Serum levels of hIL-6, IL-1β, IL-8, IL-10, IL-12 p70, interferon γ (IFN-γ), and tumor necrosis factor α (TNF-α) were evaluated using the MSD Multiarray Proinflammatory 7-plex Assay, and serum levels of IL-5 were evaluated using the MSD Multiarray Singleplex IL-5 Assay (both Meso-Scale Discovery, Gaithersburg, MD), all with the Sector Imager. Cross-reactivity of vIL-6 was tested in the Meso-Scale IL-6 assay (which uses the same antibodies as the Multiarray Proinflammatory 7-plex assay) by diluting vIL-6 in a protein-containing kit diluent. The Meso-Scale hIL-6 assay did not detect vIL-6 at concentrations up to 20 000 pg/mL.

Other assays

Plasma HIV-1 mRNA was measured by quantitative RNA polymerase chain reaction using Roche Amplicor HIV-1 Monitoring Kits (Roche Diagnostic Systems, Branchburg, NJ). CD4 counts were assessed by fluorescent-activated cell sorting (Beckman Coulter, Brea, CA). C-reactive protein (CRP) was assayed using the Siemens Dimension Vista platform (Siemens AG, Munich, Germany). From study inception until May 2009, a standard sensitivity assay (sCRP) was used (upper limit of normal 13.0 mg/L). This was subsequently replaced by a high sensitivity assay (hsCRP) using the same platform (upper limit of normal 3.0 mg/L). CRPs were harmonized using a formula (hsCRP = [sCRP*0.93] + 0.56), based on the results of assays run by the Department of Laboratory Medicine, Clinical Center, National Institutes of Health (Bethesda, MD).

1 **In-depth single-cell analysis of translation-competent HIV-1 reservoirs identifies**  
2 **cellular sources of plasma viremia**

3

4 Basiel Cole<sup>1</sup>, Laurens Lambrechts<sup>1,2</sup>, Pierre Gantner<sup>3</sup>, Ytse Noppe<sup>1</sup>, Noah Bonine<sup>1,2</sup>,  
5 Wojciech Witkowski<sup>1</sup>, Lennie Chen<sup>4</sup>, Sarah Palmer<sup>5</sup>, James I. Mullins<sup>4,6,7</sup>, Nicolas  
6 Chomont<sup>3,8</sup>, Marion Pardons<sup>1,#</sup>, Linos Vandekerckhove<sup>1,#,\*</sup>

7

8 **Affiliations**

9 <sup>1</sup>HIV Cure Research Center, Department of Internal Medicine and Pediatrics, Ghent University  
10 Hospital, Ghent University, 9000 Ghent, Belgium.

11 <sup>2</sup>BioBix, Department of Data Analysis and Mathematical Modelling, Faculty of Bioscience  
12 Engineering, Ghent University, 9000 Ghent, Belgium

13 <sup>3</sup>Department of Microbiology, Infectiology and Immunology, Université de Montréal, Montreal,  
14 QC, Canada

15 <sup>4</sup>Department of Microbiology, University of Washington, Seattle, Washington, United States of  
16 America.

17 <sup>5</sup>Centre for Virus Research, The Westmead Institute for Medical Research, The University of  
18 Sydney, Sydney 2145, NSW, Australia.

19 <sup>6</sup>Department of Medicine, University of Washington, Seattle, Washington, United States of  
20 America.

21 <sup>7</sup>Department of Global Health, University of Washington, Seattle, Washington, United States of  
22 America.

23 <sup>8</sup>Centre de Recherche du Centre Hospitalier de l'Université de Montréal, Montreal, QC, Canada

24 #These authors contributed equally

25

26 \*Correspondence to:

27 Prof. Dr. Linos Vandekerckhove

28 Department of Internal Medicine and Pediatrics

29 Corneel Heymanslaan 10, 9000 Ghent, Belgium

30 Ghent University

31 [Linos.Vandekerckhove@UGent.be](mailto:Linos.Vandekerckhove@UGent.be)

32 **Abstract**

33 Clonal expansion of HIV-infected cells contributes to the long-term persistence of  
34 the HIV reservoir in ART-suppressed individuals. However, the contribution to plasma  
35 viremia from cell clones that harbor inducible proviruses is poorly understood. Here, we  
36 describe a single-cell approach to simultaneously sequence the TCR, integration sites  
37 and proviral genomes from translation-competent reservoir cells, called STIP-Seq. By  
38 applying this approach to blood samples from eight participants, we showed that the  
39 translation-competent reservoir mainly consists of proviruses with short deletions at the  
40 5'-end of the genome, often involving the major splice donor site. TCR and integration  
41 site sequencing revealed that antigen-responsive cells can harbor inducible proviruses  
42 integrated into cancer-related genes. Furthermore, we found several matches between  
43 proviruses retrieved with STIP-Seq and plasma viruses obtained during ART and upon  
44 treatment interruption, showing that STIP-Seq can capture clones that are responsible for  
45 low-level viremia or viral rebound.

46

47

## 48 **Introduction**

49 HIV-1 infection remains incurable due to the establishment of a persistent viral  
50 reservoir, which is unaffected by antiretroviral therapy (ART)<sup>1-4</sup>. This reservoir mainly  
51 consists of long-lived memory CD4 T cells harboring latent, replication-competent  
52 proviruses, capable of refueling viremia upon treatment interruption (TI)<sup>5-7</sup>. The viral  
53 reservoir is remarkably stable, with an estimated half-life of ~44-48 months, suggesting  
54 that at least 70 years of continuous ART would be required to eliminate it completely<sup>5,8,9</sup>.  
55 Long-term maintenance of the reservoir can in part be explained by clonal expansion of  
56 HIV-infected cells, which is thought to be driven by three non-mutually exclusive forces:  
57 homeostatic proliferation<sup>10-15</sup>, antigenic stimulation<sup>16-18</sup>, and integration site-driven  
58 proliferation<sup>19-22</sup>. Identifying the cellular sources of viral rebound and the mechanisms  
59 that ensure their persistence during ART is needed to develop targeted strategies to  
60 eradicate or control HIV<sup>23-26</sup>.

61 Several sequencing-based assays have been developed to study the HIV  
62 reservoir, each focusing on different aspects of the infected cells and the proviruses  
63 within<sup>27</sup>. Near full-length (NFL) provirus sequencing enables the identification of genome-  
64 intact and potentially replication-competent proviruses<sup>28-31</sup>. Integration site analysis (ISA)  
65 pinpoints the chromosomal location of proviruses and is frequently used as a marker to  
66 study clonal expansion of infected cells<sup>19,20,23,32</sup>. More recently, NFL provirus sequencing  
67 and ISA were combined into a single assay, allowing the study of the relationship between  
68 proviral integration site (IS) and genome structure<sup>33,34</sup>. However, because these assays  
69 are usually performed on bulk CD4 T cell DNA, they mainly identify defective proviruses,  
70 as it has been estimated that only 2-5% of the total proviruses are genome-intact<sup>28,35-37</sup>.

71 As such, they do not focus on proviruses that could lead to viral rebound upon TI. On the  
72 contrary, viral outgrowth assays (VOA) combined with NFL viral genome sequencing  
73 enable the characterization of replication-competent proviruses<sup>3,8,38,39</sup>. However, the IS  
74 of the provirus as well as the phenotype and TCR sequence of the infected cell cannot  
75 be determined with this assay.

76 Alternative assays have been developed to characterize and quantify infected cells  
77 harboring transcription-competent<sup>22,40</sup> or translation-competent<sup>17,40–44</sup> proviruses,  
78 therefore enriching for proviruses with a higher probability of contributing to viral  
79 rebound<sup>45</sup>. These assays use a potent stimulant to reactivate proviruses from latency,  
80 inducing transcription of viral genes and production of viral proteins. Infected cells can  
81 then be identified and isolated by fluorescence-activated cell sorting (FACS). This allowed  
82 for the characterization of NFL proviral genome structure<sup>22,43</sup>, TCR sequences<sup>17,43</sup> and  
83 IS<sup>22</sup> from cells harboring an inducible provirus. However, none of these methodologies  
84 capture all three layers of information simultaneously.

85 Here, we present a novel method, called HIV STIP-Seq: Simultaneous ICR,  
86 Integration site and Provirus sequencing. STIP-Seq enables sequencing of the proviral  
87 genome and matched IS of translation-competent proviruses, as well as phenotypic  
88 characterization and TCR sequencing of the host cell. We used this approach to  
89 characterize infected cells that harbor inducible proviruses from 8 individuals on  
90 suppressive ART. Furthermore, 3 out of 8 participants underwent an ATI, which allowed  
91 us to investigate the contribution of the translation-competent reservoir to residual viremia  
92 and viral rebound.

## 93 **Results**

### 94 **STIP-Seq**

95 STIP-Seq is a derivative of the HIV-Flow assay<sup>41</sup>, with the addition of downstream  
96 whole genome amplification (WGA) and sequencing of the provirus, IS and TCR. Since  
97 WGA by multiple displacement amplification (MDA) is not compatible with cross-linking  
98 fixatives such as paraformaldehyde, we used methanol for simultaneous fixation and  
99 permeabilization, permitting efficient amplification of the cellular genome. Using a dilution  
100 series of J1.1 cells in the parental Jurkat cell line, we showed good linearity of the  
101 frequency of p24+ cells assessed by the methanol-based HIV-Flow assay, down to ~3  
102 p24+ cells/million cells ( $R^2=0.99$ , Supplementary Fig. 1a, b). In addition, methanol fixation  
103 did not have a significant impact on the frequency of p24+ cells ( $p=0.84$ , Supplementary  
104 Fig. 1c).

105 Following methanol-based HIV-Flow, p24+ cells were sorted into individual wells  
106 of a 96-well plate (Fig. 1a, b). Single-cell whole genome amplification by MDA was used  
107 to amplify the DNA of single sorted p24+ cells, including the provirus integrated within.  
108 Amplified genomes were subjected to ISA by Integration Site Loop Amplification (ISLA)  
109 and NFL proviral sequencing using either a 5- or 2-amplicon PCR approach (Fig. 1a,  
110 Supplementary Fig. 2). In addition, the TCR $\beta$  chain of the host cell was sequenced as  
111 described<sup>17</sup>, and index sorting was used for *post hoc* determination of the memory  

Statistical analysis

Paired analyses of the relative difference between each cytokine and KSHV VL during the first flare and during remission were performed using Wilcoxon signed rank tests. Given the relatively high threshold of the vIL-6 assay and high proportion of values at or below the detection threshold, vIL-6 values were categorized as detectable (>1560 pg/mL) or undetectable, with changes from first flare to remission assessed using the McNemar test for paired categorical data.

Univariate associations between continuous clinical parameters (hemoglobin, sodium, albumin, temperature, and platelet count), each human cytokine, and KSHV VL (log10 transformed) and between human cytokines and KSHV VL were determined using a Spearman rank correlation. Associations between dichotomous clinical parameters and human cytokines or KSHV VL were evaluated using a Wilcoxon rank sum test. For the aforementioned reasons, for association analyses involving vIL-6, values were categorized into 3 ordered categories: undetectable; detectable below 5500 pg/mL; and detectable above 5500 pg/mL (the cutoff between the 2 higher categories being approximately the median of subjects with detectable vIL-6). Then the association between ordered vIL-6 and continuous clinical parameters, human cytokines, and KSHV VL was evaluated using the Jonckheere-Terpstra test for trend, and that with dichotomous clinical parameters was evaluated using the exact Cochran-Armitage trend test.